But is it what I’m supposed to be tasting, comes the response? “Supposed?” According to whom? Well, I mean, the experts….

“Expert” is a word I really really hate. I want my dry cleaner to be an expert in removing stains, but a “wine expert” is a pathetic thing to aspire to be. And there is Thing-1 that’s wrong with wine education. Its frame of reference is unfriendly, even hostile. If I were a wine teacher, I’d want to make people comfortable with wine by first being comfortable with themselves as receivers of flavor and texture, so that their ordinary happiness with wine can flow unimpeded.

I’d continue with my guy who’s worried he’s tasting the “wrong” thing. I’d ask, are you writing down what you’re tasting? Yes. Are you going to show what you’ve written to anybody else? I wasn’t planning to. Okay then! You write those few words as a way of remembering what you tasted, and they are your words, they tell what happened in the little universe of that wine and you, and the other thing those words do is to invite you to concentrate on what you’re tasting. And if you keep doing that, tasting attentively and jotting a few things down, eventually it’ll become second-nature and you’ll find your mind is starting to organize all those impressions in a way that came naturally to you, not one that I or anyone imposed on you.

That sets the stage for the real work to begin. Of course we need guides, maps, some way through the big hulking glom of wines. Where they come from. What flavor “families” they belong to. The best books to be reading. How to create a natural-feeling method by which to navigate it all.

Please stay tuned for part-2, where your humble blogger will continue trying to make the wine world safe from bad education.

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Terry Theise
Terry Theise
Jul 15, 2020

Thanks so much for your kind and thoughtful comment Emma. You're so right; the "welcome" into wine is at least as important - I'd say more important - than the information that's being imparted. That welcome, the sense of "You're among friends, you got this, don't worry..." is humane and true to the basic spirit of wine. Wine loves us, includes us into the world of beauty and mystery and fellowship, and none of this is compatible with cramming (with flashcards!) as if you're studying for finals. Thanks again, and I hope you like the next two segments also.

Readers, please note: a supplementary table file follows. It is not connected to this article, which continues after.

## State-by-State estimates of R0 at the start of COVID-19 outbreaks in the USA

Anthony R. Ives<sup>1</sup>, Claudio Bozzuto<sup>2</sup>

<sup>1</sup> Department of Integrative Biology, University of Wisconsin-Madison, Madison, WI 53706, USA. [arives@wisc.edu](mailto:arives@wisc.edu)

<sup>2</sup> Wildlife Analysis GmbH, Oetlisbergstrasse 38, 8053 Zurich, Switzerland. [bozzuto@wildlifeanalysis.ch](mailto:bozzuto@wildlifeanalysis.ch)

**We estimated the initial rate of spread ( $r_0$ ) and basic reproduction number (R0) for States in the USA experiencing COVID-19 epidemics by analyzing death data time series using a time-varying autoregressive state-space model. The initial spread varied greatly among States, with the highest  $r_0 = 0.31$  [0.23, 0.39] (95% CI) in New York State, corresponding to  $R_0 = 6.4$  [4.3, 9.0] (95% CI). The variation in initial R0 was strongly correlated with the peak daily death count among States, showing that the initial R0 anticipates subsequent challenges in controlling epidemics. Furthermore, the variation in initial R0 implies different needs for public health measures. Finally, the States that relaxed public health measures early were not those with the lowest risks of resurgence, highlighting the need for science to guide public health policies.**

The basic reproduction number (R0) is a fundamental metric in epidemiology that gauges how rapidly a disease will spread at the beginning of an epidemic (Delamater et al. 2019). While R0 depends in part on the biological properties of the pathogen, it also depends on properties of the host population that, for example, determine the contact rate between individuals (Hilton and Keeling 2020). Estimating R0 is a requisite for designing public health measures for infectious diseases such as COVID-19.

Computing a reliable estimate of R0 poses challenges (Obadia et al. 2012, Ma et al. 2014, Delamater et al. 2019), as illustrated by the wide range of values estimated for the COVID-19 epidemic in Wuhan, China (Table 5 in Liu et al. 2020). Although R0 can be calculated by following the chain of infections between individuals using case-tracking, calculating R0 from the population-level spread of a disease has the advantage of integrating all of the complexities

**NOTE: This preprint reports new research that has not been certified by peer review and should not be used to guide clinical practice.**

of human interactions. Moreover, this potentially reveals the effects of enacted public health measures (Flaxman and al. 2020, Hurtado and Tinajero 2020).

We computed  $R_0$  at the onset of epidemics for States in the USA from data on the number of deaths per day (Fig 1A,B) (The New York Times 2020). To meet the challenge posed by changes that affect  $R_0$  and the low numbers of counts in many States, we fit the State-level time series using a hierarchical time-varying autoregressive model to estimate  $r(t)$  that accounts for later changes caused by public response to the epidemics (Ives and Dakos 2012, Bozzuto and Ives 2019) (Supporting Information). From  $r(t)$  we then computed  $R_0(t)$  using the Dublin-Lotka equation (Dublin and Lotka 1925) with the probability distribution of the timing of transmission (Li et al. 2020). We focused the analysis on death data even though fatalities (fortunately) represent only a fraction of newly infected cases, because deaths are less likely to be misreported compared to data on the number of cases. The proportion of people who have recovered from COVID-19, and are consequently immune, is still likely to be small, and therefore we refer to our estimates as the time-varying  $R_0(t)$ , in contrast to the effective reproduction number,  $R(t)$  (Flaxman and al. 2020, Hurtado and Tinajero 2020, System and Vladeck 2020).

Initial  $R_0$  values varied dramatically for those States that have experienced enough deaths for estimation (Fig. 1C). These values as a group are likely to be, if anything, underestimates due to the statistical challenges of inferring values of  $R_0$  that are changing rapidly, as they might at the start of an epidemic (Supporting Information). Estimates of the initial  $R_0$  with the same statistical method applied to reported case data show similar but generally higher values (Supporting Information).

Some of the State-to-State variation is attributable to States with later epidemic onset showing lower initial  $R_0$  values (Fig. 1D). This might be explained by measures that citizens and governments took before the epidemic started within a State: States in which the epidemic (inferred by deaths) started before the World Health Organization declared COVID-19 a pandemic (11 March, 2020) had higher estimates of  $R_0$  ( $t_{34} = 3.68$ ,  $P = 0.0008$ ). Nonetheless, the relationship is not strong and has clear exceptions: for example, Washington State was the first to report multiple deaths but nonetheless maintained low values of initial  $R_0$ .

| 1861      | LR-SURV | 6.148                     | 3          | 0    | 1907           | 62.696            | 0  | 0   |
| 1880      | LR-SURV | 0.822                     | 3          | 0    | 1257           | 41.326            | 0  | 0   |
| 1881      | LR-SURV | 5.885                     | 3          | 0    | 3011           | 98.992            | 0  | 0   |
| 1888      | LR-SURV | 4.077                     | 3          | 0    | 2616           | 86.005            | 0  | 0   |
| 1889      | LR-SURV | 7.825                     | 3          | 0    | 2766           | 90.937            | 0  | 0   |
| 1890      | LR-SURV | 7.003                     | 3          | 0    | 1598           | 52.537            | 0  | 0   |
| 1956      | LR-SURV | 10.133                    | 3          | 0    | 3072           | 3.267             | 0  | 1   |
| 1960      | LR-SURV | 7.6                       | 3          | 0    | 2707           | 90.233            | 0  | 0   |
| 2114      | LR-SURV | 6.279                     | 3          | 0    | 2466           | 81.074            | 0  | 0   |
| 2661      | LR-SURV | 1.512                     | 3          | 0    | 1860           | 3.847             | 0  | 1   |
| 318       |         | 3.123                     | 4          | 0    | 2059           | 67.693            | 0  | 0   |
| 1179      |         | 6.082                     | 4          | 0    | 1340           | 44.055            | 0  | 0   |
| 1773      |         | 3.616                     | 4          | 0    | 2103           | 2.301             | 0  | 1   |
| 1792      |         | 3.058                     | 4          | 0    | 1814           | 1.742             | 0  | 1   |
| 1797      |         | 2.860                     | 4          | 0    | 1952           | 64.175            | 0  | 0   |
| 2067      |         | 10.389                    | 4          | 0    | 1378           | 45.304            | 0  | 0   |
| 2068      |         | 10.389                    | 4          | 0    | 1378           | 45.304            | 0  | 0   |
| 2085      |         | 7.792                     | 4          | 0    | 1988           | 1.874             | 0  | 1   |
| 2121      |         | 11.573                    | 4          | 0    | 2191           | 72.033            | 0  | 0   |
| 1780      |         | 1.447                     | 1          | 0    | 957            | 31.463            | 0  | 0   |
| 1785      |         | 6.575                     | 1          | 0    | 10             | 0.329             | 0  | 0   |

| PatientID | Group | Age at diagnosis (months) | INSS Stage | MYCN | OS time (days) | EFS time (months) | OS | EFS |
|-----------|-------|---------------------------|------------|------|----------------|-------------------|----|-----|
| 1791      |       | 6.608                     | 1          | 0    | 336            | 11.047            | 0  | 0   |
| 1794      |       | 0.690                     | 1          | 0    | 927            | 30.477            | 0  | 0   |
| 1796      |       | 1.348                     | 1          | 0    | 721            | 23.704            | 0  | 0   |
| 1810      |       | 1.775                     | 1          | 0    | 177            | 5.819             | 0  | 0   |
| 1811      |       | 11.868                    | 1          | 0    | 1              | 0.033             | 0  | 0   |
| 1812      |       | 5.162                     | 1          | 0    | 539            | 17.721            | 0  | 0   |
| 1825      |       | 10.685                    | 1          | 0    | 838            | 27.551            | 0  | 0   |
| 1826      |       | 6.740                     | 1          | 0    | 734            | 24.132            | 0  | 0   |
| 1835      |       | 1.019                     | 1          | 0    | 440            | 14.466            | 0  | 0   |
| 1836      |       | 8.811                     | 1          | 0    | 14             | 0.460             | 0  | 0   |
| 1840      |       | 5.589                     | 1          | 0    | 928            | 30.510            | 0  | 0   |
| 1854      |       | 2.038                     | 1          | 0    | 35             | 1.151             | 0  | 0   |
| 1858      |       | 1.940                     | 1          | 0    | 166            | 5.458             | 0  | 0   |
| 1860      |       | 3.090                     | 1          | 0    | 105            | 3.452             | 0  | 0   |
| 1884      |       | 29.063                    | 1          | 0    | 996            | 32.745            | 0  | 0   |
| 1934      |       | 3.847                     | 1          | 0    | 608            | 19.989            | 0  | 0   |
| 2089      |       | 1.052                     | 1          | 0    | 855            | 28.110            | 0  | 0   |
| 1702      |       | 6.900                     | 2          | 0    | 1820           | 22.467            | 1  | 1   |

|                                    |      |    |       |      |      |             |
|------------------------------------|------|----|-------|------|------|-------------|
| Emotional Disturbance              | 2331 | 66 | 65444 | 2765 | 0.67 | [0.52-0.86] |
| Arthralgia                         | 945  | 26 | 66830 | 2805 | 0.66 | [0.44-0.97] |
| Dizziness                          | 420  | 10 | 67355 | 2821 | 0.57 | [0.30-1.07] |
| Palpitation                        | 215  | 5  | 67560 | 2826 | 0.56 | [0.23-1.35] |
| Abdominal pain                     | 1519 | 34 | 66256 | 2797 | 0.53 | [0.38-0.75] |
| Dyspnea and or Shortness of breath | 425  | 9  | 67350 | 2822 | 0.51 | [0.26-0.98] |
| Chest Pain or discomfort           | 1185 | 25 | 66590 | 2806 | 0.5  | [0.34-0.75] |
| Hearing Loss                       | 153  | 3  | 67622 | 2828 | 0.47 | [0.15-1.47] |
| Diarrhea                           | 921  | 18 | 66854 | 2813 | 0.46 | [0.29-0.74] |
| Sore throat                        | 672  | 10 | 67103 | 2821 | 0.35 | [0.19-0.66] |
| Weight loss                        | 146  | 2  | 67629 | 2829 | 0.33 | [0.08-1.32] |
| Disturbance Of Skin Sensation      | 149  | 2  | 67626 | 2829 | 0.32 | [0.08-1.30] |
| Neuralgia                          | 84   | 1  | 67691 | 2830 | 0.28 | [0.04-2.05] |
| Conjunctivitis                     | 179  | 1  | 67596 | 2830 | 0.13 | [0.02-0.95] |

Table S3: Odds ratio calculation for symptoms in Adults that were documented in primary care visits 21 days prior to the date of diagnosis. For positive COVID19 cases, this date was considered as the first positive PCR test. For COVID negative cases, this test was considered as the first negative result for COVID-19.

Great points. When I graduated from college I joined a tasting group in Berkeley that had been around for a couple of decades. I was definitely the least experienced in this group of food writers, physicists, bankers, lawyers, professors, potters, winemakers, but they made me so welcome and were all willing to share their love of wine and their knowledge. Tasting quietly blind 8 wines, side by side, every other week and listening to others describe the wines was invaluable in helping me develop my own descriptions. Kind people sharing their passion without snobbery. To this day I can taste a wine that will make me think of who in the group would like it and who would not…


Terry Theise
Terry Theise
Jul 10, 2020

And thank you for your thoughtful comment, and especially for your thoughts about language. I'm going to get deeper into that in future posts, for reasons you've anticipated. I like your tool versus cudgel image, to which I'd add a third thing: language is sometimes an instrument we don't know how to play, especially when it comes to describing flavor. I'm grateful to you for your gratifying comment and attentive read of my original post. Part 2 will go live on Monday.


Thank you for this thoughtful piece. I think the chip tasting exercise is a fantastic idea and I plan to use it as a teaching tool. I also enjoyed your thoughts on wine and language. I've heard Warren Winiarski speak about how the development of a nuanced, descriptive wine language helped mid-20th century California winemakers envision the wines they wanted to make, which in turn led to improvements in wine quality. Comparing that theory with your thoughts on the awkwardness of describing flavors illustrates an interesting example of how a tool in some hands can become a cudgel in others. I look forward to reading your next piece on wine education.


Terry Theise
Terry Theise
Jul 08, 2020

Yes, Muscadet is a vector for what we agree to call minerality, and in a singular way, since the grape from which it's made is actually LOW in acidity, which is significant only because a lot of pisspots who like to sniff derisively at the whole idea of "minerality" often insist it's just another word for acidity. Which is most certainly is not. Again, minerality is a FLAVOR (or flavors) whereas acidity is a felt sense.